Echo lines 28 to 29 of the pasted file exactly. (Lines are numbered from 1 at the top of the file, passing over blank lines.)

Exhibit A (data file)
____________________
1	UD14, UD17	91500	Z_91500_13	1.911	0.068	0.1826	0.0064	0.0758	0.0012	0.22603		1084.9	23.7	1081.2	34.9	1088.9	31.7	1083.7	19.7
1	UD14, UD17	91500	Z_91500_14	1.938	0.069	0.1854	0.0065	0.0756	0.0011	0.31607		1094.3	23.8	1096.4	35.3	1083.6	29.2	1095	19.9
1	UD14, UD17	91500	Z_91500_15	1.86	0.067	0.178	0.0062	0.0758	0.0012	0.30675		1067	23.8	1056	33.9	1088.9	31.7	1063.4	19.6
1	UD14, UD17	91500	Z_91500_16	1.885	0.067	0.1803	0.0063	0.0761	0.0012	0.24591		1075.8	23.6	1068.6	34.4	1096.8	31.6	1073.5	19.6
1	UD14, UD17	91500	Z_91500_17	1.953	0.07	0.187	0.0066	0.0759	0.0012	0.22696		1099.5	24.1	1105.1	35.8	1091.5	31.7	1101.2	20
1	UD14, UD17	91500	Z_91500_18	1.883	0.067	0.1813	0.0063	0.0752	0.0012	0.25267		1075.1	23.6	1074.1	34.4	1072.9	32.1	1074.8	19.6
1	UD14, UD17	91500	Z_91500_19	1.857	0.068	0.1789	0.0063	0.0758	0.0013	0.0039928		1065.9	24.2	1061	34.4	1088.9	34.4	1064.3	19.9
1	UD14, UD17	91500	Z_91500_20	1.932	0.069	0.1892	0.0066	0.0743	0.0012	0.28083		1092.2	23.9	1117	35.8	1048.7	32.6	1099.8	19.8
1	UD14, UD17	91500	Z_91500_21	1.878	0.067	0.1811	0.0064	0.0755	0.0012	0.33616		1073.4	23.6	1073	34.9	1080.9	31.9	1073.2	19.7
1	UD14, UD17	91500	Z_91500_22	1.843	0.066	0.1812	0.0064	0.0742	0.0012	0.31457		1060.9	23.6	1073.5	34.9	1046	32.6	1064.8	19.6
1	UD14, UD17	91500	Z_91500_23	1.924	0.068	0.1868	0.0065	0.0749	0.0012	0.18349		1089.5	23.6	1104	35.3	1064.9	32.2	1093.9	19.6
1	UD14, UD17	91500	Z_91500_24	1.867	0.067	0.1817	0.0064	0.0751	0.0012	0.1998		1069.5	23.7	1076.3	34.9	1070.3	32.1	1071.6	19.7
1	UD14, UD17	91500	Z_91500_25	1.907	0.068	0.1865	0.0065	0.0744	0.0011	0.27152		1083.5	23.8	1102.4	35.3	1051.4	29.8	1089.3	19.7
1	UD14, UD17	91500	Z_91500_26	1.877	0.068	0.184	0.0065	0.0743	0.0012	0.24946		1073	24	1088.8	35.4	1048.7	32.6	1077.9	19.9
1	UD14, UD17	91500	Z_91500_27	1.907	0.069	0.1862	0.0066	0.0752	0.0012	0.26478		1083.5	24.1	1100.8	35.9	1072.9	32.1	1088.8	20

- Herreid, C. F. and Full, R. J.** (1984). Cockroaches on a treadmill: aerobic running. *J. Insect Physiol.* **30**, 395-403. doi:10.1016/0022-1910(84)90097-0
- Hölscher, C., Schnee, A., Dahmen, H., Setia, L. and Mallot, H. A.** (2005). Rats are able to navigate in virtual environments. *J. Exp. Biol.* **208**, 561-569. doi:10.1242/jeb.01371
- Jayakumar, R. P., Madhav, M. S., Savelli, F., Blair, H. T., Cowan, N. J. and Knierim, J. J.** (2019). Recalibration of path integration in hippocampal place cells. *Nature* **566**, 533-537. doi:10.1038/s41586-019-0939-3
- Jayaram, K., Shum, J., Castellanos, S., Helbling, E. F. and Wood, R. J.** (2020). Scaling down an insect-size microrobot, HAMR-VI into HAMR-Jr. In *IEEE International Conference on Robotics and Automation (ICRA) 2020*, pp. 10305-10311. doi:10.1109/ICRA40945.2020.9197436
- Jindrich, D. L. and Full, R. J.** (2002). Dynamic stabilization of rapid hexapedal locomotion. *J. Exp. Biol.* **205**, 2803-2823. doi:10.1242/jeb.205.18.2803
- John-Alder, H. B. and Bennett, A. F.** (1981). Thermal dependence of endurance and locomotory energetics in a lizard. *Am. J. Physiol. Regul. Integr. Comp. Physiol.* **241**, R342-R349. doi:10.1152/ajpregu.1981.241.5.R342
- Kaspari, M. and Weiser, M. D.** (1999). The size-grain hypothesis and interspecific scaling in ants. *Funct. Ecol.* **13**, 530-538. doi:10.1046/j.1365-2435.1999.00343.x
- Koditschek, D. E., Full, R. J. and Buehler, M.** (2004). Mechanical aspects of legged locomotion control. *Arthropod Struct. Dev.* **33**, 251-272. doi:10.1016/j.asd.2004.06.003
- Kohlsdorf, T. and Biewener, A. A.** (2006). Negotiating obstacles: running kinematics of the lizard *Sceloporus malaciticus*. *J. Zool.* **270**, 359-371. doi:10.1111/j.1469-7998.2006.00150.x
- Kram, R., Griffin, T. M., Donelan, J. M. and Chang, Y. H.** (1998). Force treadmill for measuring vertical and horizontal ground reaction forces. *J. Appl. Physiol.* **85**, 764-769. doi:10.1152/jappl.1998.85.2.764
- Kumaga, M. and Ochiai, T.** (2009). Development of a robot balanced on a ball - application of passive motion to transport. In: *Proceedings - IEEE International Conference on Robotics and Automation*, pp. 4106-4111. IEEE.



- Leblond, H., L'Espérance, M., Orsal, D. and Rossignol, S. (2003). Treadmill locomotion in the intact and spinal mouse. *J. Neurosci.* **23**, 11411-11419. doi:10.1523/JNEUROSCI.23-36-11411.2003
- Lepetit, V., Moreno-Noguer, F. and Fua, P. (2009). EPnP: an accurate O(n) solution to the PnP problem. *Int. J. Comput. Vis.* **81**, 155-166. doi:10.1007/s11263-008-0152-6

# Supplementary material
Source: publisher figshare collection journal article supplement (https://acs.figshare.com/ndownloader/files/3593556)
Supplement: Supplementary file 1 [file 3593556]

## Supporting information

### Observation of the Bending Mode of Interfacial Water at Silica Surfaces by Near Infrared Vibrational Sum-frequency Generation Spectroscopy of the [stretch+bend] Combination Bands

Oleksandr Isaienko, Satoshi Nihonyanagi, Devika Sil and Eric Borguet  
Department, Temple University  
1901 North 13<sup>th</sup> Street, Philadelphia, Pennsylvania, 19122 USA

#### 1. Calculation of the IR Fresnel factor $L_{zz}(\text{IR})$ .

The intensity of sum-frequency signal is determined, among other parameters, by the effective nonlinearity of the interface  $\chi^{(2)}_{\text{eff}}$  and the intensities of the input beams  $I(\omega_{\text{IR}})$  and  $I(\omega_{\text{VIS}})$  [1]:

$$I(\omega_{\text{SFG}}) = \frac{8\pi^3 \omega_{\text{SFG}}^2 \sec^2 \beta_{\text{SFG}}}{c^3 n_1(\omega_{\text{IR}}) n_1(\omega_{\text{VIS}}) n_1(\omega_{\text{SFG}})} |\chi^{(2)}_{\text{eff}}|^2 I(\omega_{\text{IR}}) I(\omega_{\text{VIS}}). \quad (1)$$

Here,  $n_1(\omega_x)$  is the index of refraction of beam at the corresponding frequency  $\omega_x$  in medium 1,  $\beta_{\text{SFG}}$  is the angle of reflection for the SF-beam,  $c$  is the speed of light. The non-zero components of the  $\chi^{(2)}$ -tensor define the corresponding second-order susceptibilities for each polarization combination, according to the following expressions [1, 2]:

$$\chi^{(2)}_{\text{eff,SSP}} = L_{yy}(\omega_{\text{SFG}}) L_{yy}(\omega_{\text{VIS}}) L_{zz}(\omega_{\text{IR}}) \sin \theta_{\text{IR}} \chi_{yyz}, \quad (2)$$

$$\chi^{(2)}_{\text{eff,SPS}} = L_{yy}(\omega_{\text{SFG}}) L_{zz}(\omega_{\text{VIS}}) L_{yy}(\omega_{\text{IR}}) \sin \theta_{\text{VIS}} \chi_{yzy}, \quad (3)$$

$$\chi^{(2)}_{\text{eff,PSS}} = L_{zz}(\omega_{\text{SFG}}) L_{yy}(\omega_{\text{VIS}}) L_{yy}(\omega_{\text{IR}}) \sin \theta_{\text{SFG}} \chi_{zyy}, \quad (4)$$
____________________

- Lepetit, V., Moreno-Noguer, F. and Fua, P. (2009). EPnP: an accurate O(n) solution to the PnP problem. *Int. J. Comput. Vis.* **81**, 155-166. doi:10.1007/s11263-008-0152-6

# Supplementary material